Navigating Digital Text, Performance, & Historical Resources
Wait, What? Defining Sources
Page Two Audio File
When this article refers to a source, it means any item that provided substantial information to the author of a later text. The investigation of these culturally resonant texts is called source study. In this case, sources are those items that were part of the cultural fabric of England in the time between the historical Battle of Agincourt and Shakespeare’s writing of Henry V – anything from a chronicle to a poem. A chronicle is a specific kind of text that provides a (semi-)factual written account of historical events in the order of their occurrence to the best knowledge of the chronicle author. Early modern dramatists also used historical information from broadsides: ballads printed on a singular sheet of paper and sold for cheap prices, enabling them to be shared easily.
In source studies, it can be difficult to pin down a stable list of definitive sources for a particular play like Henry V, because source lists change as historians uncover additional evidence and scholars continue to debate that evidence. As can be seen more prominently in the competing introductions to the scholarly editions of Henry V from Arden, Cambridge, and Oxford written by T.W. Craik, Andrew Gurr, and Gary Taylor (respectively), scholars still disagree on a specific list of definitive sources for Henry V and the extent to which each source can truly be attributed to influencing the text. Specific scholars call for the inclusion of Greco-Roman texts and other English texts in a list of sources for Henry V – Craik introduces theories that the English translations of Tacitus’ Annals by Greneway and Homer’s Iliad from 1598 should be included but dismisses them as unpersuasive ; Taylor reiterates the 1598 Annals and further includes Vita et Gesta Henrici Quinti (Pseudo-Elmham, n.d.), Annals (John Stow, 1605), Vita Henrici Quinti (Titus Livius, n.d.), and Brut (Caxton, edition not specified) ; Gurr includes Gentili’s De Jure Belli Libri Tres (1599), Richard Crompton’s Mansion of Magnanimitie (1599) , and perhaps most interestingly, John Stubbs’ 1579 pamphlet entitled “The Discoverie of a Gaping Gulf…” – while others disagree with this conjecture entirely, as demonstrated in Craik’s, Taylor’s, and Gurr’s discussions of these texts.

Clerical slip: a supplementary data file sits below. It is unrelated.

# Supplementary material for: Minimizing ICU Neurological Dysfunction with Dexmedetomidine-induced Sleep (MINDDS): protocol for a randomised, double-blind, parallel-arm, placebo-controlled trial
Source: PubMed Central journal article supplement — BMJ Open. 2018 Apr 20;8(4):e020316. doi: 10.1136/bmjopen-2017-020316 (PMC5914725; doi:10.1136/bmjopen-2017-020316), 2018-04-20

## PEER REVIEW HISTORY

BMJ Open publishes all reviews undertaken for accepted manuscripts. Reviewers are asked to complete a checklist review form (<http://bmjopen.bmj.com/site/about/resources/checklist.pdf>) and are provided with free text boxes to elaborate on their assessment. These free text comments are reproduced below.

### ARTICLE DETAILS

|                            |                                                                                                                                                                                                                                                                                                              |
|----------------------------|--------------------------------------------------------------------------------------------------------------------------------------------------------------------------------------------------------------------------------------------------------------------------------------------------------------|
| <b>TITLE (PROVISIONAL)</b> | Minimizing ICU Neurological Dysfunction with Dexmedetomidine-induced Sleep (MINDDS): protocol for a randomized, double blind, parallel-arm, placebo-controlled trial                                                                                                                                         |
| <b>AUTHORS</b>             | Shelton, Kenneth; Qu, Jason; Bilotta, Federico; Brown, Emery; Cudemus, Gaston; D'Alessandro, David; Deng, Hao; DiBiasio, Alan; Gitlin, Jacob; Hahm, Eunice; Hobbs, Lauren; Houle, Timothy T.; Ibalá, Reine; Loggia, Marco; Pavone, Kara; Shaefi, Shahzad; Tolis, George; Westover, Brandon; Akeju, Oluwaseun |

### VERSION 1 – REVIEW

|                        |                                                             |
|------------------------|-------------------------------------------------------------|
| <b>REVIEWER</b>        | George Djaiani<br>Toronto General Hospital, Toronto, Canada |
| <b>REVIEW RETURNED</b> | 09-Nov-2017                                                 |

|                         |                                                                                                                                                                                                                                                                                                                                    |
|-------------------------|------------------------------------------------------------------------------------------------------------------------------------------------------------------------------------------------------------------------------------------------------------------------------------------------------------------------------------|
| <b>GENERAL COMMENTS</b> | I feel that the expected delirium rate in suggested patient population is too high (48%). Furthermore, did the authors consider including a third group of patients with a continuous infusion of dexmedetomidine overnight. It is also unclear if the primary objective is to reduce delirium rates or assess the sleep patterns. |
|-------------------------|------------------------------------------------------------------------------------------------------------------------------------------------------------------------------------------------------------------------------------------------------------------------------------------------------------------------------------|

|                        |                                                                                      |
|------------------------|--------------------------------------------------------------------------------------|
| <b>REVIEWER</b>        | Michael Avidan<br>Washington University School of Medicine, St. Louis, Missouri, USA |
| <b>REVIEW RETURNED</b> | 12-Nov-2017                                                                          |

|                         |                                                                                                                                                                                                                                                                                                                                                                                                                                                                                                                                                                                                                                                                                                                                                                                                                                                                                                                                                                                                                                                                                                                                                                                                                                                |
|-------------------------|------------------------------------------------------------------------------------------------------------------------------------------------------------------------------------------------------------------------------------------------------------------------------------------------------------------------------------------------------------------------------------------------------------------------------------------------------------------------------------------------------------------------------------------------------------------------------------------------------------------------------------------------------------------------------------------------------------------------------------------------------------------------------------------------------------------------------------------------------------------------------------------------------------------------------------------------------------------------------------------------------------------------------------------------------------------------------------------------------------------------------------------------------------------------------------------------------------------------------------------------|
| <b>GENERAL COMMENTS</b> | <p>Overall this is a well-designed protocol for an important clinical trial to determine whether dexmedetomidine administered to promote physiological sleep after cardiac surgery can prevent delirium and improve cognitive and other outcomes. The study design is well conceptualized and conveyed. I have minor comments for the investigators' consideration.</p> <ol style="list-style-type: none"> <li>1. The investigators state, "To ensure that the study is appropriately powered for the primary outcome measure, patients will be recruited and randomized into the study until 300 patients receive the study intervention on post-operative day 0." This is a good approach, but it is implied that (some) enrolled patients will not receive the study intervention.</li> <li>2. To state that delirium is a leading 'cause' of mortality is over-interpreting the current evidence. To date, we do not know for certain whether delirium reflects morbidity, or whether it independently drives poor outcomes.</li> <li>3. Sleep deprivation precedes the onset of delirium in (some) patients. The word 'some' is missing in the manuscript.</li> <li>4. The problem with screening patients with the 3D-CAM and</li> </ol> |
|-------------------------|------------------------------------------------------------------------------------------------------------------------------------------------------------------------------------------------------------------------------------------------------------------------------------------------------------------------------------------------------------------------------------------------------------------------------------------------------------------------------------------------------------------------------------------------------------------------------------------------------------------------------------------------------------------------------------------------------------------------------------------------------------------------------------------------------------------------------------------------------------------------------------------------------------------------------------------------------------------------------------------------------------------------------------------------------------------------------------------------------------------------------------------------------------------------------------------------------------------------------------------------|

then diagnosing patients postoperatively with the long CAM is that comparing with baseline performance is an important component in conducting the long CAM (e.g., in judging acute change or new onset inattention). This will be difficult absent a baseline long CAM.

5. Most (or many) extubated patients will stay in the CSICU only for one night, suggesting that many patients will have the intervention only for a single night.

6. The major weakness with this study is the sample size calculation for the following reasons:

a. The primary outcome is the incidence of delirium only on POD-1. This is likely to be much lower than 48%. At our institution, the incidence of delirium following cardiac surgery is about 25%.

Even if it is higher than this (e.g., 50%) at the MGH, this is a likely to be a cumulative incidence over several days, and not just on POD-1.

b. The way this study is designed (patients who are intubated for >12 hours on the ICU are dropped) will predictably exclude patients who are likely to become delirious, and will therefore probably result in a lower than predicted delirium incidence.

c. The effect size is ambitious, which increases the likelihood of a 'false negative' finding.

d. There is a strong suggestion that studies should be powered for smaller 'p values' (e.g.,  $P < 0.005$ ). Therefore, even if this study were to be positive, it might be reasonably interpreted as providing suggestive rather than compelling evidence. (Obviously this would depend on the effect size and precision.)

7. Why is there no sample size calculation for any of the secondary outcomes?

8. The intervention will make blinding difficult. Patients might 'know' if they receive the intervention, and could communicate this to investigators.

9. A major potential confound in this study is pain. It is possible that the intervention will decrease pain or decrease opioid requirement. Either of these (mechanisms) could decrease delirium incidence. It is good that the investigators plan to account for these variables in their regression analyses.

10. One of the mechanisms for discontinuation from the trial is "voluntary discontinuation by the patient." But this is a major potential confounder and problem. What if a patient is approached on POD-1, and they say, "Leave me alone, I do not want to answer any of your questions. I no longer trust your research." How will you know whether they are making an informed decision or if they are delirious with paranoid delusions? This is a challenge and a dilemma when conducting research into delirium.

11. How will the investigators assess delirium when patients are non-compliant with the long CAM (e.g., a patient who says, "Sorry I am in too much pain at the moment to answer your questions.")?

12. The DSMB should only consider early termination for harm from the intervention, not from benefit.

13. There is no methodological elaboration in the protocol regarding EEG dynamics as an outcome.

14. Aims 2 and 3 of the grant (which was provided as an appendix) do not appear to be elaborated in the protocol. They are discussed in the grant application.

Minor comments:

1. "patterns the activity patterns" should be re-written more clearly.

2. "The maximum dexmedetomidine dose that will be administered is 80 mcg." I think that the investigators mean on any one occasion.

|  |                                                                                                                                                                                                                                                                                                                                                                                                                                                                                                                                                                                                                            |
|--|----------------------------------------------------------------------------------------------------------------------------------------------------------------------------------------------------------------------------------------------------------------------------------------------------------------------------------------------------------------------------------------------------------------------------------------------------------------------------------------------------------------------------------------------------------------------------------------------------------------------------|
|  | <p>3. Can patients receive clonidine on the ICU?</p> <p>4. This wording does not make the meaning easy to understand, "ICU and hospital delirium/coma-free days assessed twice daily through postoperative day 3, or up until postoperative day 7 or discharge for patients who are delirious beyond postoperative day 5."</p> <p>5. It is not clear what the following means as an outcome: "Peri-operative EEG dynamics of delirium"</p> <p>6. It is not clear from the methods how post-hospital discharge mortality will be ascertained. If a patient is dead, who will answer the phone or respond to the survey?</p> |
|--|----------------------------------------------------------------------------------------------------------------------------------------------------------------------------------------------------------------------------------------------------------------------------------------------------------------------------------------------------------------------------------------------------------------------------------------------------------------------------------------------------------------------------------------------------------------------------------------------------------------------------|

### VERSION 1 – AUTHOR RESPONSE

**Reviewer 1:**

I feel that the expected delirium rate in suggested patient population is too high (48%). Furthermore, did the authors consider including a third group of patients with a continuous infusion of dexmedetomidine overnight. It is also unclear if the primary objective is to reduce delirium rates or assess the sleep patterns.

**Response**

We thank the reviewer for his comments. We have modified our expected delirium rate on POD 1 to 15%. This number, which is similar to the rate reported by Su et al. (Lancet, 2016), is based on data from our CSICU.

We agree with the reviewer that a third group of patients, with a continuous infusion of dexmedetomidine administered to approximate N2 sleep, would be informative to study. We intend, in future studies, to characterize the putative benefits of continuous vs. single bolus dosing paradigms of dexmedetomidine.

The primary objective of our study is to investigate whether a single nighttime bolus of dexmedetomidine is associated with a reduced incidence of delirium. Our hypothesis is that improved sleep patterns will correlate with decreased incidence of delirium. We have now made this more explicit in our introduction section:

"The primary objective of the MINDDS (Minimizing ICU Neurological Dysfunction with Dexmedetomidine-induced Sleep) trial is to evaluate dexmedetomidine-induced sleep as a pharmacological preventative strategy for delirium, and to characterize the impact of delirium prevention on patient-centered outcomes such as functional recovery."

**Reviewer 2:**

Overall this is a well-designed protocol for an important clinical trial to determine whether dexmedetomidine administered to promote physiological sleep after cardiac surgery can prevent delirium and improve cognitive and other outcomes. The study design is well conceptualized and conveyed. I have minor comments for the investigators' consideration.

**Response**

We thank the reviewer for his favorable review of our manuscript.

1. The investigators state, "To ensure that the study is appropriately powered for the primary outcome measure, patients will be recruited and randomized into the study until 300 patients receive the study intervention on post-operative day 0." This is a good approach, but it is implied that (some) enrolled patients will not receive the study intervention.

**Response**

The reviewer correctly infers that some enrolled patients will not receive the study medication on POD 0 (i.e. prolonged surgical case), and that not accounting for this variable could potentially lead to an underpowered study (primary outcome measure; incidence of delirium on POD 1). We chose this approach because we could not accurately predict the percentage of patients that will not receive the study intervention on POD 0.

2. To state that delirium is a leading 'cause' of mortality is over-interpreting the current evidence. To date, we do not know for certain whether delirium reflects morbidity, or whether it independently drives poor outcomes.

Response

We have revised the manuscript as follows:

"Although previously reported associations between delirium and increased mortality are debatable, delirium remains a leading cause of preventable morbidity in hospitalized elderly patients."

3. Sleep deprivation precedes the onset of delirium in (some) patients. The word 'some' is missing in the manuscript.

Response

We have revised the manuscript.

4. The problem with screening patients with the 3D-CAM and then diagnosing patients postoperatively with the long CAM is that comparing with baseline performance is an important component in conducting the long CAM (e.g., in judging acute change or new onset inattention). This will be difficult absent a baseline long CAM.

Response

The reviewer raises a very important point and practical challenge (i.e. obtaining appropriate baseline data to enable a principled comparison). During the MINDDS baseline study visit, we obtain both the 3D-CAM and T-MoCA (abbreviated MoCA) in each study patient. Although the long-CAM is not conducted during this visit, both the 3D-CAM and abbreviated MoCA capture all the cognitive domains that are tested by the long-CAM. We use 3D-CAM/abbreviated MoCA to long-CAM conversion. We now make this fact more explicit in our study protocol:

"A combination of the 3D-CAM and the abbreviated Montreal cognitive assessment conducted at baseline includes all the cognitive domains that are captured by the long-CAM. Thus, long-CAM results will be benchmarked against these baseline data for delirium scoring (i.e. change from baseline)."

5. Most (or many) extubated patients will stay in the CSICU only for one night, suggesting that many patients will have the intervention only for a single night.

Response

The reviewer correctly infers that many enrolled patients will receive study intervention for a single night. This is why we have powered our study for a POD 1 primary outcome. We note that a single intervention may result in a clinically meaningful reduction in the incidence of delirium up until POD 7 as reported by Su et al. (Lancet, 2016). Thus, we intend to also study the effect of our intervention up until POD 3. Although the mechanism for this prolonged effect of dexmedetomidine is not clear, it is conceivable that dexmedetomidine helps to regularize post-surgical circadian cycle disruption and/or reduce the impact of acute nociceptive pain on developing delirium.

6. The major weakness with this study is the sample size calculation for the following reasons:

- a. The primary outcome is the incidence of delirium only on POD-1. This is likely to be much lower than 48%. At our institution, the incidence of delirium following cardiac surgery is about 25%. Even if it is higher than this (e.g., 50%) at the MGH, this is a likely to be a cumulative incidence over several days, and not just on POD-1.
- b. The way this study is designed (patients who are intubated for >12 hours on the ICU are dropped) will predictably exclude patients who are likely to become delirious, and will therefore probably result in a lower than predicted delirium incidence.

Furthermore, as literary critics, historians, and librarians work together to digitize previously undiscovered and/or under-studied works, more items may appear as relevant in defining the sources to Henry V. Our lists, then, should be taken as guidelines for research; the sources examined throughout are those that almost definitely contributed a significant amount to Shakespeare’s work as identified through verbal patterns and specific language cues found in both texts. As we continue to identify sources through digitization and scholarly projects, these earlier defined patterns can assist in defining future sources or influences on the play.